Facebook gets results? 2010 vote experiment worked, scientists say.
More than 61 million Facebook users unknowingly participated in the study, which sought to measure the ability of online social networks to catalyze actions in the real world.
If you logged onto your Facebook account on Nov. 2, 2010, saw a cluster of familiar faces on your "wall" whose owners indicated that they voted, and it rousted you out of your chair for a trip to the polls, thank political scientist James Fowler and six colleagues for the poke.Skip to next paragraph
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The nonpartisan go-vote messages, with links to sites showing local polling places and the appearance of voting "friends" on Facebook walls were part of an experiment involving 61 million "subjects" on Facebook. The goal of Dr. Fowler's team was to gauge the ability of on-line social networks to convey messages that affect real-world actions.
The answer: They certainly can, at least for voting. And the most effective means of steering the behavior of a large group appears to involve highlighting the actions of friends with whom an on-line network member is most likely to have a real-world, face-to-face relationship.
The results of the experiment are being published in Thursday's issue of the journal Nature.
"The network is the key," says Fowler, a researcher at the University of California at San Diego whose work focuses on social networks and their influence on fields ranging from public health and politics to personal tastes.
"If we want to make the world a better place on a massive scale, we should focus not just on changing a person's behavior, but also on utilizing the network to influence that person's friends," says Fowler, who led the study.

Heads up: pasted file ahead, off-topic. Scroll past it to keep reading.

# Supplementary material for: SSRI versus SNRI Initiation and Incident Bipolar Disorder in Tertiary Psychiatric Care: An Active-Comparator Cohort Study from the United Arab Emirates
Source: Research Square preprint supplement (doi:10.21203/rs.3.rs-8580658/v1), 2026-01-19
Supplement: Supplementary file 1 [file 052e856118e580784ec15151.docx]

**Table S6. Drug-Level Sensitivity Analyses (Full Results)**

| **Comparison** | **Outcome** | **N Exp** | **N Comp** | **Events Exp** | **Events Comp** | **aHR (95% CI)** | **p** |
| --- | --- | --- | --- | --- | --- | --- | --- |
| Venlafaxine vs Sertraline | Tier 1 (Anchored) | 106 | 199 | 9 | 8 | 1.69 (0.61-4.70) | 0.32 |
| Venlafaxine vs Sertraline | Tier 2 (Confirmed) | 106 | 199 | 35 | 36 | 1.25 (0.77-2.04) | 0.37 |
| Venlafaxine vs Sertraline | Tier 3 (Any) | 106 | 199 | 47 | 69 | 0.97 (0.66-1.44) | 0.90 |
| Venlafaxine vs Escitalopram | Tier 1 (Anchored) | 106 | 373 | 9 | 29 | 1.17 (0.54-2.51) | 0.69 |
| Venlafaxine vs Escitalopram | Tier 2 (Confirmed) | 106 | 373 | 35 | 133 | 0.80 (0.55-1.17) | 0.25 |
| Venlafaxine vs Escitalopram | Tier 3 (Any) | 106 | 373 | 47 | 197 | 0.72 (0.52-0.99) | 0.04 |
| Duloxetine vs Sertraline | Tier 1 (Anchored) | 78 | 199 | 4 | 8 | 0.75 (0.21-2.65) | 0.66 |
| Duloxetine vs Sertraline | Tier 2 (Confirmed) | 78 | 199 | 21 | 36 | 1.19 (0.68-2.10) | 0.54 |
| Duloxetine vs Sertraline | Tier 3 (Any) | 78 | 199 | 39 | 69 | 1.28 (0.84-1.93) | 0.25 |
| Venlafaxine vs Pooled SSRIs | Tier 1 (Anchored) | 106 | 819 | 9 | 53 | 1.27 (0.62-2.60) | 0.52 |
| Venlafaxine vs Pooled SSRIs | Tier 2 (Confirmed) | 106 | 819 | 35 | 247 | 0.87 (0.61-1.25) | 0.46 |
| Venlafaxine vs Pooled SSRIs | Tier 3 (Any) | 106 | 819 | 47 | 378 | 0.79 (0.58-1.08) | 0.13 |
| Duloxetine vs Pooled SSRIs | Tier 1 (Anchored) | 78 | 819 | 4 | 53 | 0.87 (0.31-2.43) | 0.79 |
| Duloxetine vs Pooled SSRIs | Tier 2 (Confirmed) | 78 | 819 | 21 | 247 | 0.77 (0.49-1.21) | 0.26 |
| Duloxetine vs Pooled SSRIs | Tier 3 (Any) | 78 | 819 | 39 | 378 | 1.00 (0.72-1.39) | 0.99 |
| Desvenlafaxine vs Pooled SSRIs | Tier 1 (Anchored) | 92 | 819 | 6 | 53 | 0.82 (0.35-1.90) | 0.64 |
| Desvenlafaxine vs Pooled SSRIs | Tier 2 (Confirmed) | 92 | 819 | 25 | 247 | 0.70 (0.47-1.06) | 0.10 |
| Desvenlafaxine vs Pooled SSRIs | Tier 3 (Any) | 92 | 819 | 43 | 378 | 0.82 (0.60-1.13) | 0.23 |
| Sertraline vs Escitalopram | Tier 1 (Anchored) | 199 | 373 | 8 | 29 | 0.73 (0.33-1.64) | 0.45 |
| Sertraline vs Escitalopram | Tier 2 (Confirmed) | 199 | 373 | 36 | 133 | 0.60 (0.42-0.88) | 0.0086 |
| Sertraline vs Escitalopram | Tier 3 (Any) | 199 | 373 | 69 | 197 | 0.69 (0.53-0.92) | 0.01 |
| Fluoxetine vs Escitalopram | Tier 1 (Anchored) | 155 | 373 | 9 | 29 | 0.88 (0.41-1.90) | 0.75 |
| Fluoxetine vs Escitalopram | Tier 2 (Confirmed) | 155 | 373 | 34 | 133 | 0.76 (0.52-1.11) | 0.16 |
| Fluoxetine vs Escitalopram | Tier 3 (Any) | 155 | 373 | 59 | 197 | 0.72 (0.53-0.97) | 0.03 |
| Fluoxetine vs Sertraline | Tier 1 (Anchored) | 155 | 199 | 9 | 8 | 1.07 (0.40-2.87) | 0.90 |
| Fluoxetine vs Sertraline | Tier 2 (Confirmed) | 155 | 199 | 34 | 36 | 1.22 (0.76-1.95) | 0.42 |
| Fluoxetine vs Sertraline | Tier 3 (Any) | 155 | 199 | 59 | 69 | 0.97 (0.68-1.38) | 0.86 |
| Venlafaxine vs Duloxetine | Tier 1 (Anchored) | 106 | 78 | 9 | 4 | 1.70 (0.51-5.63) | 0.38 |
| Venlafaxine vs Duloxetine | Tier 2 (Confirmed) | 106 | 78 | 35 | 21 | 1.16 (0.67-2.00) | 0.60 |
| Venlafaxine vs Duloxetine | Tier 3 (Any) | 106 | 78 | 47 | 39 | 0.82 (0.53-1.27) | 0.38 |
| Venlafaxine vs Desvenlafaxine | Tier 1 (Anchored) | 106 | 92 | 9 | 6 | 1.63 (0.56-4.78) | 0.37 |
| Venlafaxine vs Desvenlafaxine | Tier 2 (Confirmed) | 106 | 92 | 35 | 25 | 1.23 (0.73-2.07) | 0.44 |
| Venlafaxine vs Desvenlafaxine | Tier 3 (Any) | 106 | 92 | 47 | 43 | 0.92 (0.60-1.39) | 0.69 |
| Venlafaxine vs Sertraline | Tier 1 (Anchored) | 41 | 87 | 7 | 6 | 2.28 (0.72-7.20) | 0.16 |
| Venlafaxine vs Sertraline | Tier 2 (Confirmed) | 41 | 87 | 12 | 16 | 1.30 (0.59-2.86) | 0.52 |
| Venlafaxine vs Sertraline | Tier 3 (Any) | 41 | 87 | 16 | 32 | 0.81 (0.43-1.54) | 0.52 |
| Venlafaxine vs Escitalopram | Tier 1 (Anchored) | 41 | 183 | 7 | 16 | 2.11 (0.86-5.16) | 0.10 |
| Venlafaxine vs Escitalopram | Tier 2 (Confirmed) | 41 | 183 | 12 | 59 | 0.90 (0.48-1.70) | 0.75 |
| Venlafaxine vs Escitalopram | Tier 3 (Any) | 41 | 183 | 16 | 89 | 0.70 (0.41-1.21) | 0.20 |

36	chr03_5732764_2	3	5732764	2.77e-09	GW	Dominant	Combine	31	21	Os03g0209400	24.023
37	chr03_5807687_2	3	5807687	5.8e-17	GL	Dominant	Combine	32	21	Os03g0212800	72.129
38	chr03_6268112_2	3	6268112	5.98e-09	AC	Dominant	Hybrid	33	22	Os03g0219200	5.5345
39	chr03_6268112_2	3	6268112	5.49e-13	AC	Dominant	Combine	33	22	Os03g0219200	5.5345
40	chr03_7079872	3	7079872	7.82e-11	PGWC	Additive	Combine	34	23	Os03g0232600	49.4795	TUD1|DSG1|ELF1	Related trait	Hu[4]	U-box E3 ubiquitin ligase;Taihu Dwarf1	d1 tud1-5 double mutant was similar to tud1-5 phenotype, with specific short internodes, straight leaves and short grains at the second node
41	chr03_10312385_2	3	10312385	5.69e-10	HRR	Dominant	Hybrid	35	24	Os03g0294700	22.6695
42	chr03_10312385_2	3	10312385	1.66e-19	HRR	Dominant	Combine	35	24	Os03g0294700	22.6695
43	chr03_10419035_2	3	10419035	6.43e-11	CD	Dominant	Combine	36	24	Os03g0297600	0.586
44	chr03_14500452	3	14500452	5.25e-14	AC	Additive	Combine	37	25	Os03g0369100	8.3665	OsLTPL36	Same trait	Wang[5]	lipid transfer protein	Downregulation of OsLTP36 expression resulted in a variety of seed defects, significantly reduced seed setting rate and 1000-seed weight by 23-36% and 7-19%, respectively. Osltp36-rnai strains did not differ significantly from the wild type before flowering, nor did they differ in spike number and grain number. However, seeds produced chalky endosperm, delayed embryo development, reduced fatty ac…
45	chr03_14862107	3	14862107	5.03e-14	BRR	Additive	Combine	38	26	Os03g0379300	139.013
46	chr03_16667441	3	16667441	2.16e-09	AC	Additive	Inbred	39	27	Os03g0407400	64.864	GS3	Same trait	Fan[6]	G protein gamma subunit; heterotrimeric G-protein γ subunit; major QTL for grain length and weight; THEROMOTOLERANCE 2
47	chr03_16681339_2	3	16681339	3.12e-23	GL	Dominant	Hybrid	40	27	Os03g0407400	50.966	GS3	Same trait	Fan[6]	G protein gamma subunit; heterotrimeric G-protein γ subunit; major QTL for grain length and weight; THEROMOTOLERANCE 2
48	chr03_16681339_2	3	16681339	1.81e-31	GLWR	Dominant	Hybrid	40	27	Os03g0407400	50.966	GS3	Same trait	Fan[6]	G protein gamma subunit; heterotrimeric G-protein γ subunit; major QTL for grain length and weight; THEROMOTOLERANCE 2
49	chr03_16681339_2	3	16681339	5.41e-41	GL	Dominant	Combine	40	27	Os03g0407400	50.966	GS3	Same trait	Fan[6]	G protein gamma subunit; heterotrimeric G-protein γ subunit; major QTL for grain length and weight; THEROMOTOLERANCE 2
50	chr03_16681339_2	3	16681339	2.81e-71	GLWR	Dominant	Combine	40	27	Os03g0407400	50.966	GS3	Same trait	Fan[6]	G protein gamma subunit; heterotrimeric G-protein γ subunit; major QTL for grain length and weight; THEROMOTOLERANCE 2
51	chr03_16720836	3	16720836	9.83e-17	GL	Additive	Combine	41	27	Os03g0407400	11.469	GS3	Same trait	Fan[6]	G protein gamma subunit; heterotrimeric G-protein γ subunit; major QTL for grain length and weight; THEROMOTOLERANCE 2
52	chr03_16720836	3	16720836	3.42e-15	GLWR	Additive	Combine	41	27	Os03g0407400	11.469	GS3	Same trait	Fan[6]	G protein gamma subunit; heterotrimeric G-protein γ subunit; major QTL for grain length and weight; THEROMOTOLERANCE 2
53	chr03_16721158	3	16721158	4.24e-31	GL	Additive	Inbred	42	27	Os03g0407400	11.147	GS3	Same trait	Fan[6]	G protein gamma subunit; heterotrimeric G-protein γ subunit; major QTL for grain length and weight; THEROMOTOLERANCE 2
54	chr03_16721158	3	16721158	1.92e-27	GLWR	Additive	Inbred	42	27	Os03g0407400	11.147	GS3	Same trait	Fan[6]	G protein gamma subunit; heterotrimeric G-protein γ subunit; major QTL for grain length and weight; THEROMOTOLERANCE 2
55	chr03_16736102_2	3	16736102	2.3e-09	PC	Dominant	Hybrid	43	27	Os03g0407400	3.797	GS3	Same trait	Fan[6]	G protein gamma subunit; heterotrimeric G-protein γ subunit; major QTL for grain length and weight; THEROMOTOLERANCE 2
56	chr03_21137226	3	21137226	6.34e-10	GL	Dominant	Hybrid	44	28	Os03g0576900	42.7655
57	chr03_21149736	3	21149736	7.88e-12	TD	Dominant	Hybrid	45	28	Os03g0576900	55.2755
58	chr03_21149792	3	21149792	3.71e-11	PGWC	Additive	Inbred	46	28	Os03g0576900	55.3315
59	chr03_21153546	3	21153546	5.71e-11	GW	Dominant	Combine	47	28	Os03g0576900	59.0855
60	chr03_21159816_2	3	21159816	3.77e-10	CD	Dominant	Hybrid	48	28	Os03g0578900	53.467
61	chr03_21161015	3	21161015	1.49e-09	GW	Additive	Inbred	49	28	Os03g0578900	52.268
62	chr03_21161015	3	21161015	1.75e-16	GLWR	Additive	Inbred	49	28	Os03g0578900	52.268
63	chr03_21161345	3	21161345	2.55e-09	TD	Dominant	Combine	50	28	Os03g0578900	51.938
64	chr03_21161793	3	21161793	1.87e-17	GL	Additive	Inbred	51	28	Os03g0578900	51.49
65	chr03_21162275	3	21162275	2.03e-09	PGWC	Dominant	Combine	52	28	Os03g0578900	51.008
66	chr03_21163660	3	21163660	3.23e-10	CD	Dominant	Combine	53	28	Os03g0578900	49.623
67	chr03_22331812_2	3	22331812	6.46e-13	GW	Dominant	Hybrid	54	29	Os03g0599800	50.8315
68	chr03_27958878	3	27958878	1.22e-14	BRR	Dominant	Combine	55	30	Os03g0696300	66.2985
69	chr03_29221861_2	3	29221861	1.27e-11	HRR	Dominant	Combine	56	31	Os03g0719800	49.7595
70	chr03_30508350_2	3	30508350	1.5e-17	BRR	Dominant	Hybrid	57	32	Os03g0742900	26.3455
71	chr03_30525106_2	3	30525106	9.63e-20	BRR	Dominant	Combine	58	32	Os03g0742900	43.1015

Nationally, the experiment's effect appears modest. The team, which includes Cameron Marlow, an in-house researcher at Facebook in Menlo Park, Calif., estimates that as a result of the get-out-and-vote message, some 340,000 people voted who otherwise were unlikely to vote in the 13 states that make voting records public. Those states account for 40 percent of the nation's registered voters.
The number of additional voters prodded into action might actually have been higher, Fowler adds. Roughly one-third of the voters participating in the 2010 mid-term elections had voted ahead of Election Day, either via absentee ballot or early-voting programs. But the team included these voters in its calculations, diluting the effect of the Election Day-only message in the team's calculations. Other potential voters – he estimates around 20 percent – probably saw the message too late in the day to reach polling place in time or saw it but simply couldn't get to the polls.